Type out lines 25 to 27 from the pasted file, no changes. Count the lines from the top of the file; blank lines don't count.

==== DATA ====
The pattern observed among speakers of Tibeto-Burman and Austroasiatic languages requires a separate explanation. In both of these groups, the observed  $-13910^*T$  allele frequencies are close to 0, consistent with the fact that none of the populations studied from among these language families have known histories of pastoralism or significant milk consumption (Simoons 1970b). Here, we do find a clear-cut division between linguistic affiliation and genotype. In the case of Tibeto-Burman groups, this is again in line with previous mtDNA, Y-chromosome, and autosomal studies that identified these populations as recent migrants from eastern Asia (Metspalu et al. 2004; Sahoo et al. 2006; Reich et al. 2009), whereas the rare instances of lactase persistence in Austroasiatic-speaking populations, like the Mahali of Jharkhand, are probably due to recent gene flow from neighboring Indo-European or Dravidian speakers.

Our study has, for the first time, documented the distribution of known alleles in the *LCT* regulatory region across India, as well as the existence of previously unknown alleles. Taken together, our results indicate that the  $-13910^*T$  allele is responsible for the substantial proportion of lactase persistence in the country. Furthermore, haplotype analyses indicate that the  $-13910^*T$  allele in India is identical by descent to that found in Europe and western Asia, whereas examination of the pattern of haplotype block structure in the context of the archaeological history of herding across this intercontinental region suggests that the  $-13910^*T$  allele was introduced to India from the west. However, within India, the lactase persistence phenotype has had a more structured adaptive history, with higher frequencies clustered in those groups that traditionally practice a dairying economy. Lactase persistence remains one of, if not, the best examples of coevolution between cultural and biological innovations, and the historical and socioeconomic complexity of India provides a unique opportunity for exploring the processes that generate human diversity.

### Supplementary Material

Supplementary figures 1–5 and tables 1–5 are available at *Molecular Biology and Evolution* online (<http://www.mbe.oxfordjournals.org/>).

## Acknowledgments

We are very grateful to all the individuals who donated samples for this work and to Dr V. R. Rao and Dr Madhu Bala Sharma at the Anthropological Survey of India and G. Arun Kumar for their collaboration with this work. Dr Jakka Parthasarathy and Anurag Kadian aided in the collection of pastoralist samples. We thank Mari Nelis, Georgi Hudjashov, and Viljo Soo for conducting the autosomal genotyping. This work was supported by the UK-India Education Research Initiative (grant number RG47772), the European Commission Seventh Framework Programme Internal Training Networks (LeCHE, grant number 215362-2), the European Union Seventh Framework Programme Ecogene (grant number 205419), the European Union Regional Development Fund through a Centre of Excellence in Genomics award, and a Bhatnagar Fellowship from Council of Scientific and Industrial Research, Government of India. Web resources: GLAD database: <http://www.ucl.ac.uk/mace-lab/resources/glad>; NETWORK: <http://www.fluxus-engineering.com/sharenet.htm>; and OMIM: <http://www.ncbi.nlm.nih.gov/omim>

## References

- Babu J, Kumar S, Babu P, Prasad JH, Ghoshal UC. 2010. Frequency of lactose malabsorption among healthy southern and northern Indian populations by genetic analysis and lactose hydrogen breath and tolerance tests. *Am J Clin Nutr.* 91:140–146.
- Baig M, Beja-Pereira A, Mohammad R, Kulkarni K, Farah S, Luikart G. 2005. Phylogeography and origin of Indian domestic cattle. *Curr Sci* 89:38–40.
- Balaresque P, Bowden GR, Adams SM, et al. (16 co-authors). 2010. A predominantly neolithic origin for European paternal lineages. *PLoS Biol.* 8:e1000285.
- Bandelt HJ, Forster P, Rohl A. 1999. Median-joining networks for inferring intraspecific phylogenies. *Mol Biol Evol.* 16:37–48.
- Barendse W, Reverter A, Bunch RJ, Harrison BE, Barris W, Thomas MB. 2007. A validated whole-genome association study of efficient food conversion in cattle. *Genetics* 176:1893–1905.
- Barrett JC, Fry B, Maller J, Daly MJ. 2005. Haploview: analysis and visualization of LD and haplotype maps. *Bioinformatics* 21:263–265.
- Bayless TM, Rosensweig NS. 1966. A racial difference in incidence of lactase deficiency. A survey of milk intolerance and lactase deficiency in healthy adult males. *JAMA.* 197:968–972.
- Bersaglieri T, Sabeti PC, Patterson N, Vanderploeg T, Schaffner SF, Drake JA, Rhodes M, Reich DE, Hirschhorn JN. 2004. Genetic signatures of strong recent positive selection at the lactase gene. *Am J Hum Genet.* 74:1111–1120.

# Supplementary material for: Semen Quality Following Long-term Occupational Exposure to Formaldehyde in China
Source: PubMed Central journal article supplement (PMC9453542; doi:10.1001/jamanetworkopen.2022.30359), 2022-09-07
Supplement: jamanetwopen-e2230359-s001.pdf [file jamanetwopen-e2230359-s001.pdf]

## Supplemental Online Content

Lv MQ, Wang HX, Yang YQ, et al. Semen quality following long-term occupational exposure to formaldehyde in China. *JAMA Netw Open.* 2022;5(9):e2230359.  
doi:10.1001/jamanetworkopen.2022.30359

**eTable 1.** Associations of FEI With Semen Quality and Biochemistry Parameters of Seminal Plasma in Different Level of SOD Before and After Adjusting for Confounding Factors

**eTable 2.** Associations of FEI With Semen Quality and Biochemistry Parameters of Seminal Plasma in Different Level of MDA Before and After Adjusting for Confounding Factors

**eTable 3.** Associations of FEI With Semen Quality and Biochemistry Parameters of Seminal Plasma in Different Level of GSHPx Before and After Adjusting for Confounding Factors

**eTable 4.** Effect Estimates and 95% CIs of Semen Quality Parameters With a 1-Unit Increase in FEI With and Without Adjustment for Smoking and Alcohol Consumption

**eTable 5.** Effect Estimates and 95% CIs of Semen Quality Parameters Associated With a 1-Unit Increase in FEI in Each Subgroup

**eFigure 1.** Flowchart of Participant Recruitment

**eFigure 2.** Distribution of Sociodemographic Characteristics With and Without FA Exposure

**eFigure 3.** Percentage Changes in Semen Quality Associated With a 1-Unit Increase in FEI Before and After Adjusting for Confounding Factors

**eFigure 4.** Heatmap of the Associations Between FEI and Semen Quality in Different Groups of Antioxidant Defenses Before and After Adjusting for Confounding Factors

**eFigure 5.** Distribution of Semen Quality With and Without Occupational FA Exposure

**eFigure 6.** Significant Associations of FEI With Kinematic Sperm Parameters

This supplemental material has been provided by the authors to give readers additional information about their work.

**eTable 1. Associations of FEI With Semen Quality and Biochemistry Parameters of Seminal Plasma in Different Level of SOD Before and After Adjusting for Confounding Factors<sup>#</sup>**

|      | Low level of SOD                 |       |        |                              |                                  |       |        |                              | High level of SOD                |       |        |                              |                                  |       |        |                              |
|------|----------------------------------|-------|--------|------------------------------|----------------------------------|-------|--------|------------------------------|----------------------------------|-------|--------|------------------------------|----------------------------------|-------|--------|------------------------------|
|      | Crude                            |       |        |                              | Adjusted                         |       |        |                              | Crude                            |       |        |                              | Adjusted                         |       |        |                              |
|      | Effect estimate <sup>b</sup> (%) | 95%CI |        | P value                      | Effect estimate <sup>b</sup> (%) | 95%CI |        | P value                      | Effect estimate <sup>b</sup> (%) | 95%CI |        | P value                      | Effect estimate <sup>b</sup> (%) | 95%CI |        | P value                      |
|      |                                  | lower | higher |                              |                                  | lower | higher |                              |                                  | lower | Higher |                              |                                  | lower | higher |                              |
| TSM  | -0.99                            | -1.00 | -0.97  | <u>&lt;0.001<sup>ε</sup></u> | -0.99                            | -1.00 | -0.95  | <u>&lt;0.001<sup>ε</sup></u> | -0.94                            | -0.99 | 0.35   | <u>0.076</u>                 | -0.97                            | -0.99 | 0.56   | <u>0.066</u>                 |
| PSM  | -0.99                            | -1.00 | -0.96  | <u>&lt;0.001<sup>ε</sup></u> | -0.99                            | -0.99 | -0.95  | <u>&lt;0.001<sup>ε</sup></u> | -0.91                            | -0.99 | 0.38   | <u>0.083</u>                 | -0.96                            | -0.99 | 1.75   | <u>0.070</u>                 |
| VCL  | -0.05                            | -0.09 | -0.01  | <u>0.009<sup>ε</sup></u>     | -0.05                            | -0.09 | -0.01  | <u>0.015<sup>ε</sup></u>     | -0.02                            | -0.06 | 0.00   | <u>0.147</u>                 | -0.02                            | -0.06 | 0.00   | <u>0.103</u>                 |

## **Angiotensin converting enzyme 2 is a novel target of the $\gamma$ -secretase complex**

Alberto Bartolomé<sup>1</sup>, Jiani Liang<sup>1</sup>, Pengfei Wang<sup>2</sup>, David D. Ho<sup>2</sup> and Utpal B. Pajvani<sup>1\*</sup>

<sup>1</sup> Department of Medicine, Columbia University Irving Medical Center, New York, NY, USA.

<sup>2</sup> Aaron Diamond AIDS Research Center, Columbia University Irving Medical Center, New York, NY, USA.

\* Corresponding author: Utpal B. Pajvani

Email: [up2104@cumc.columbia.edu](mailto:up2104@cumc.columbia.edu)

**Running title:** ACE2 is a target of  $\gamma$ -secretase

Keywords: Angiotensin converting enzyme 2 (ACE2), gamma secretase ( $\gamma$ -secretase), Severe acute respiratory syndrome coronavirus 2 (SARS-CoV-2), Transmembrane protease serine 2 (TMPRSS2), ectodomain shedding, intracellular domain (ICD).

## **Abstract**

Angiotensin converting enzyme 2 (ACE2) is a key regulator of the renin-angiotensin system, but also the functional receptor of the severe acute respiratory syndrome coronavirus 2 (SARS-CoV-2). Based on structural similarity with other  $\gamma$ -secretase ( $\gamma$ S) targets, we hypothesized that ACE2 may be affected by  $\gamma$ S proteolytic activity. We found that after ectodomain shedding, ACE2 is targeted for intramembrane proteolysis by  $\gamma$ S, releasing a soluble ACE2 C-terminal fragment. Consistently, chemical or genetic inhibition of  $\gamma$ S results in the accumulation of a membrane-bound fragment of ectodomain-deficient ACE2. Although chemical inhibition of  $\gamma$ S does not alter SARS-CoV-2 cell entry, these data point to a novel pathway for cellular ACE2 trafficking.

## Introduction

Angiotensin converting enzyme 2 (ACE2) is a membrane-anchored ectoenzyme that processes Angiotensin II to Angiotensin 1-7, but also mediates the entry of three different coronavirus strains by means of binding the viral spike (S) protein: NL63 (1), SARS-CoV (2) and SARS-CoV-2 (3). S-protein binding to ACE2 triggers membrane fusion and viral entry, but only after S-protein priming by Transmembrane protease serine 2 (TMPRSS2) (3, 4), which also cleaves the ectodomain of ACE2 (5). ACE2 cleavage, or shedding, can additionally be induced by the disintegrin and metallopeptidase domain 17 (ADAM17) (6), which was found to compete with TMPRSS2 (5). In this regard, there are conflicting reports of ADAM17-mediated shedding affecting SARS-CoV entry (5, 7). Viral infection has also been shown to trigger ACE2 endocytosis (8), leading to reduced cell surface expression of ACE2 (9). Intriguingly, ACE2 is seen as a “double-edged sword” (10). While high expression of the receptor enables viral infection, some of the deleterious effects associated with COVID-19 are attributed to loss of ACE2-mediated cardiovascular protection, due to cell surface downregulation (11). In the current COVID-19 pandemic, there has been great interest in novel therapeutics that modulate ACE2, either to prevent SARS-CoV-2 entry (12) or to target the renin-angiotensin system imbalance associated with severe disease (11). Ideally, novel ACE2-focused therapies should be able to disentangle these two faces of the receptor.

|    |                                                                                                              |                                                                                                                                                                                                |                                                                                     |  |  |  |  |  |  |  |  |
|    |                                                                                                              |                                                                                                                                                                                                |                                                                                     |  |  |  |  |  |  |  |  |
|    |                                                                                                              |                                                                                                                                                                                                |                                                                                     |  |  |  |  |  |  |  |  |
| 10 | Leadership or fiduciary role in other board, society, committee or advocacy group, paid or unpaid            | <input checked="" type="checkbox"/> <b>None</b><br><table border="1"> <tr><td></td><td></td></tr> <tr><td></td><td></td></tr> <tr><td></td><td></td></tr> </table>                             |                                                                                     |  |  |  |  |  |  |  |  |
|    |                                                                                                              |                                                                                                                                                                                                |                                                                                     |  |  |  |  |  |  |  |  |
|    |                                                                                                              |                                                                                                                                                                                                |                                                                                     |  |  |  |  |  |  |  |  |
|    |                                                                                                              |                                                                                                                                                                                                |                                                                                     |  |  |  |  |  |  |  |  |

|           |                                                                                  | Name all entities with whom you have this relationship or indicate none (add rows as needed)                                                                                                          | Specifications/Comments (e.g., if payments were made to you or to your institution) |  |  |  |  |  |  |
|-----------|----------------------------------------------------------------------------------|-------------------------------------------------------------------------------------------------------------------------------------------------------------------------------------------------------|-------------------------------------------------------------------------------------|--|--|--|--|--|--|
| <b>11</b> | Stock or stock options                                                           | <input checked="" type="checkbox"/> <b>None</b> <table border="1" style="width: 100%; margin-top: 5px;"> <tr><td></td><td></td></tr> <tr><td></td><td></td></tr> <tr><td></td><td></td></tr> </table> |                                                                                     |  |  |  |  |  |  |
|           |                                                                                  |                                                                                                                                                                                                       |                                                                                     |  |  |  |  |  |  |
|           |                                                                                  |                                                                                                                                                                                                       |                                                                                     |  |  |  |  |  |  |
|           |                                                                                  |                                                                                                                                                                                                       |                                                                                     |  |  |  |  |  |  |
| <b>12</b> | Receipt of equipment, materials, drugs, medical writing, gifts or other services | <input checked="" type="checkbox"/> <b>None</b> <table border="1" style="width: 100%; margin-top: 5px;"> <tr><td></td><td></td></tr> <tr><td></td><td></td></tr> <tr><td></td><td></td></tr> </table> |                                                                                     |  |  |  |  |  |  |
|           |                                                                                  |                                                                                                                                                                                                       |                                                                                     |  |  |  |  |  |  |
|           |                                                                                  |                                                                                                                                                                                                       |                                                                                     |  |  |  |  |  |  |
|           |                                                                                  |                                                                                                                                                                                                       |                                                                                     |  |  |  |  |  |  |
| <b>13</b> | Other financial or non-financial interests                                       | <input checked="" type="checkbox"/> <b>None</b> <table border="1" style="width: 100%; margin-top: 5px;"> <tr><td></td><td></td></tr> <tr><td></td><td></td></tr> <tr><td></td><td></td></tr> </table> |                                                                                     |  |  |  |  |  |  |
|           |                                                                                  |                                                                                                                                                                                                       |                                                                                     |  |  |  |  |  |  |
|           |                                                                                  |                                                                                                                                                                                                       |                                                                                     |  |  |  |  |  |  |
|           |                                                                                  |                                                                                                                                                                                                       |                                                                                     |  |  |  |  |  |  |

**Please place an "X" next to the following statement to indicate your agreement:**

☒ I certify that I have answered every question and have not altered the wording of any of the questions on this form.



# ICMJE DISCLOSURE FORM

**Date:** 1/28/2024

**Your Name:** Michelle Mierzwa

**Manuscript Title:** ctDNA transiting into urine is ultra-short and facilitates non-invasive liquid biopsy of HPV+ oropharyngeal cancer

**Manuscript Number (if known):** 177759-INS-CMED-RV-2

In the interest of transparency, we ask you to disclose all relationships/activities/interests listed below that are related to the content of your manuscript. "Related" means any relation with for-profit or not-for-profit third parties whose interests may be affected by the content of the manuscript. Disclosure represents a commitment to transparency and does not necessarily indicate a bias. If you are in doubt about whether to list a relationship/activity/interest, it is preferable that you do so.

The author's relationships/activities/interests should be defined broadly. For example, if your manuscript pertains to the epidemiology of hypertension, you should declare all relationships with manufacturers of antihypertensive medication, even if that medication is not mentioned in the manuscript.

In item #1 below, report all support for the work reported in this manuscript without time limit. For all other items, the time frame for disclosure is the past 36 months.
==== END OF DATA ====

**eTable 4.** Effect Estimates and 95% CIs of Semen Quality Parameters With a 1-Unit Increase in FEI With and Without Adjustment for Smoking and Alcohol Consumption

**eTable 5.** Effect Estimates and 95% CIs of Semen Quality Parameters Associated With a 1-Unit Increase in FEI in Each Subgroup

**eFigure 1.** Flowchart of Participant Recruitment